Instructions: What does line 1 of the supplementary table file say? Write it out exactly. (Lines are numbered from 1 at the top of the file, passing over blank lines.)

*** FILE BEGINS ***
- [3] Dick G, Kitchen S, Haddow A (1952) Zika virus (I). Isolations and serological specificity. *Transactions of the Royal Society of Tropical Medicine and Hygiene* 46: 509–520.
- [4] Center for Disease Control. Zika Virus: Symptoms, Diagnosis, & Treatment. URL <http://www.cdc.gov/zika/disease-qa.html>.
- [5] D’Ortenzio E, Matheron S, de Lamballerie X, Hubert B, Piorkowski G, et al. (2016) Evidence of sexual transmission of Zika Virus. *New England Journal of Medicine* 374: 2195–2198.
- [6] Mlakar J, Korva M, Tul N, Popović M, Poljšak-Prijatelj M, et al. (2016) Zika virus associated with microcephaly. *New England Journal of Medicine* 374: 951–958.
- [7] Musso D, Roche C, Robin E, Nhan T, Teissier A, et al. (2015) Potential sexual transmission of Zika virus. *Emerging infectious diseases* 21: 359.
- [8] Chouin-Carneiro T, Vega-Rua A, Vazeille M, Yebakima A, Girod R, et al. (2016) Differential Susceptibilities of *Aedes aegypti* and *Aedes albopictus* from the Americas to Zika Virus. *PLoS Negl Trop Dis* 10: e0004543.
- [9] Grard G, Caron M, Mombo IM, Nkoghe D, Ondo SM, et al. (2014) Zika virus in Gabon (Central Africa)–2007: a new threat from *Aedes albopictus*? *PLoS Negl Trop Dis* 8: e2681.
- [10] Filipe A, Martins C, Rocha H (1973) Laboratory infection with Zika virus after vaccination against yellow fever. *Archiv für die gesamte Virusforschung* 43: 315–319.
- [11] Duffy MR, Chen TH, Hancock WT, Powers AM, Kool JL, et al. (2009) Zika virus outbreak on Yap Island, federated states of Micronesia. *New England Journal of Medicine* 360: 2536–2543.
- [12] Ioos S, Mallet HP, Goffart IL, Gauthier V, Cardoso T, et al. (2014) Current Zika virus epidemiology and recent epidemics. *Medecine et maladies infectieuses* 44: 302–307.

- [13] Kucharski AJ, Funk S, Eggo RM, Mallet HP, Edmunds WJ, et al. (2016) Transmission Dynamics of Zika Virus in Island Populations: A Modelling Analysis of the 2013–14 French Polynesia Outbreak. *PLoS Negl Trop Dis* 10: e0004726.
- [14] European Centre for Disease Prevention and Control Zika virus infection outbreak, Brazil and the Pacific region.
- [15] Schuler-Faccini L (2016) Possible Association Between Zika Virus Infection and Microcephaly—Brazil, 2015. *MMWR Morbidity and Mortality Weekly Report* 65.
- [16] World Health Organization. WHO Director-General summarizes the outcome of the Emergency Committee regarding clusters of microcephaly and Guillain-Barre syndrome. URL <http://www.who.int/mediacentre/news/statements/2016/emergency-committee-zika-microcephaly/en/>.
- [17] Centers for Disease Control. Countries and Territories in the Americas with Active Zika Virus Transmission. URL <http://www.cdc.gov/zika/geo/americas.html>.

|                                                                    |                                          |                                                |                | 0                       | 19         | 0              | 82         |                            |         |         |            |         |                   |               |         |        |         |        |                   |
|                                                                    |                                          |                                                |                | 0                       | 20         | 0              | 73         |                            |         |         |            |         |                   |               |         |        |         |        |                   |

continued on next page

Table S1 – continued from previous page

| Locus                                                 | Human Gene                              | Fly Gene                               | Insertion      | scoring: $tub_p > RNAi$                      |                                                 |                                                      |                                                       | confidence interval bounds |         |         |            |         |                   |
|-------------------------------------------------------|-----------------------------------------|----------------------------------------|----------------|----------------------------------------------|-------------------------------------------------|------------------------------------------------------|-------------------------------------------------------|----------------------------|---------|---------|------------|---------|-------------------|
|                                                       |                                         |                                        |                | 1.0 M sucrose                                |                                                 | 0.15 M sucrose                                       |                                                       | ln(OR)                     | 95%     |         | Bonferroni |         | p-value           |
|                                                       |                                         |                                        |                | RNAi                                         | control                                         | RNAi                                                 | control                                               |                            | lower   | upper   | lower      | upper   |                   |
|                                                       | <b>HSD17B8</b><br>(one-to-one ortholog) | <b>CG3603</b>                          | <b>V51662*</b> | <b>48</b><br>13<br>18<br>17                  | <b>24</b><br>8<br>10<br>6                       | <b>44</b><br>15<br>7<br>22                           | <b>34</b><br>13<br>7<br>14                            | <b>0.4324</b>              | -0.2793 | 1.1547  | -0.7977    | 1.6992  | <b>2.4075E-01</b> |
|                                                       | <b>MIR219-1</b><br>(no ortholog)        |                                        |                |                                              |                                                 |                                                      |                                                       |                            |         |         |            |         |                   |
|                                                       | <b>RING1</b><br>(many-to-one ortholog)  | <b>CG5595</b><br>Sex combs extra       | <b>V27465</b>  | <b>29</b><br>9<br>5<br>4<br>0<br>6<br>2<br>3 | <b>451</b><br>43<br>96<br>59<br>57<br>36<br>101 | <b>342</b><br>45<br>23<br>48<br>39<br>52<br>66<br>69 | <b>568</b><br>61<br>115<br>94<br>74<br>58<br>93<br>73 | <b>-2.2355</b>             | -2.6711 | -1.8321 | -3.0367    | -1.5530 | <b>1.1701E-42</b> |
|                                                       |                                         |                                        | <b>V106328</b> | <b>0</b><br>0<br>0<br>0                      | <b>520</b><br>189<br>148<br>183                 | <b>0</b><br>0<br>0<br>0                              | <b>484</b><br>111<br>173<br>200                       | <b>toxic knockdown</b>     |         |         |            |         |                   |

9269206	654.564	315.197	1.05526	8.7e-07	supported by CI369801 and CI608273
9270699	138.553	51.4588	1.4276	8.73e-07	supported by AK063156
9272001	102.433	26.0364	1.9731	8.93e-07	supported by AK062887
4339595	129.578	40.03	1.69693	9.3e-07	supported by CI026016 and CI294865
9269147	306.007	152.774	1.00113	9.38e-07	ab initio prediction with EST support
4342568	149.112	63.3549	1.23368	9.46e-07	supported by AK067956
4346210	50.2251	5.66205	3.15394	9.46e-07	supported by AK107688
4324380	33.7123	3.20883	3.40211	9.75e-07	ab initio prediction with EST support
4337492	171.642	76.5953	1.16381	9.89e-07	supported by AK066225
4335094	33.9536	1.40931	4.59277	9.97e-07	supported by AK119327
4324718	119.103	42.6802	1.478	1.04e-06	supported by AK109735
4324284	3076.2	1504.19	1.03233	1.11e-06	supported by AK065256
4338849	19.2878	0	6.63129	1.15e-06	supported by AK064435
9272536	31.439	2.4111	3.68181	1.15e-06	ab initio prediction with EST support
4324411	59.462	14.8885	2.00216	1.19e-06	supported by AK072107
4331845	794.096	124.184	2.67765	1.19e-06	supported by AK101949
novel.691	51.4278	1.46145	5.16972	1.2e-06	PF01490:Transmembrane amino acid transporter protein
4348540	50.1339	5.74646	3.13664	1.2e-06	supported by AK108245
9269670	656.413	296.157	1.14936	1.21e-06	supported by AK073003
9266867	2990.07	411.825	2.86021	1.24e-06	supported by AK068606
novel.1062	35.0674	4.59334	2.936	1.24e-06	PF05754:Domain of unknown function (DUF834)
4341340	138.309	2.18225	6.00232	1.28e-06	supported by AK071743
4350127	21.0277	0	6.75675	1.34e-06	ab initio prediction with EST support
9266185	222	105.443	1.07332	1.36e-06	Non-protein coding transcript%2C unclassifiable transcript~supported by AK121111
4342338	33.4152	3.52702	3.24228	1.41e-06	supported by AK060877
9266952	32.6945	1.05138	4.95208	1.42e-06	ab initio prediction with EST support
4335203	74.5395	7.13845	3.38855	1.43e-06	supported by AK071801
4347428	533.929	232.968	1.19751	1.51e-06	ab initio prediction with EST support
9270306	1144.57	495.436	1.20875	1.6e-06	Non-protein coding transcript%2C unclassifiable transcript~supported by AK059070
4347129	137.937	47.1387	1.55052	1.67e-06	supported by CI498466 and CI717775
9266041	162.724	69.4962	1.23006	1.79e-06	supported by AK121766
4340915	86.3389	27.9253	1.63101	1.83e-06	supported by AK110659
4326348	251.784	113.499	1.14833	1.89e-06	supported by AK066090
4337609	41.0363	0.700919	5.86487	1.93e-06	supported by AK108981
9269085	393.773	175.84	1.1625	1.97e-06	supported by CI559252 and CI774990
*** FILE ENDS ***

- [3] Dick G, Kitchen S, Haddow A (1952) Zika virus (I). Isolations and serological specificity. *Transactions of the Royal Society of Tropical Medicine and Hygiene* 46: 509–520.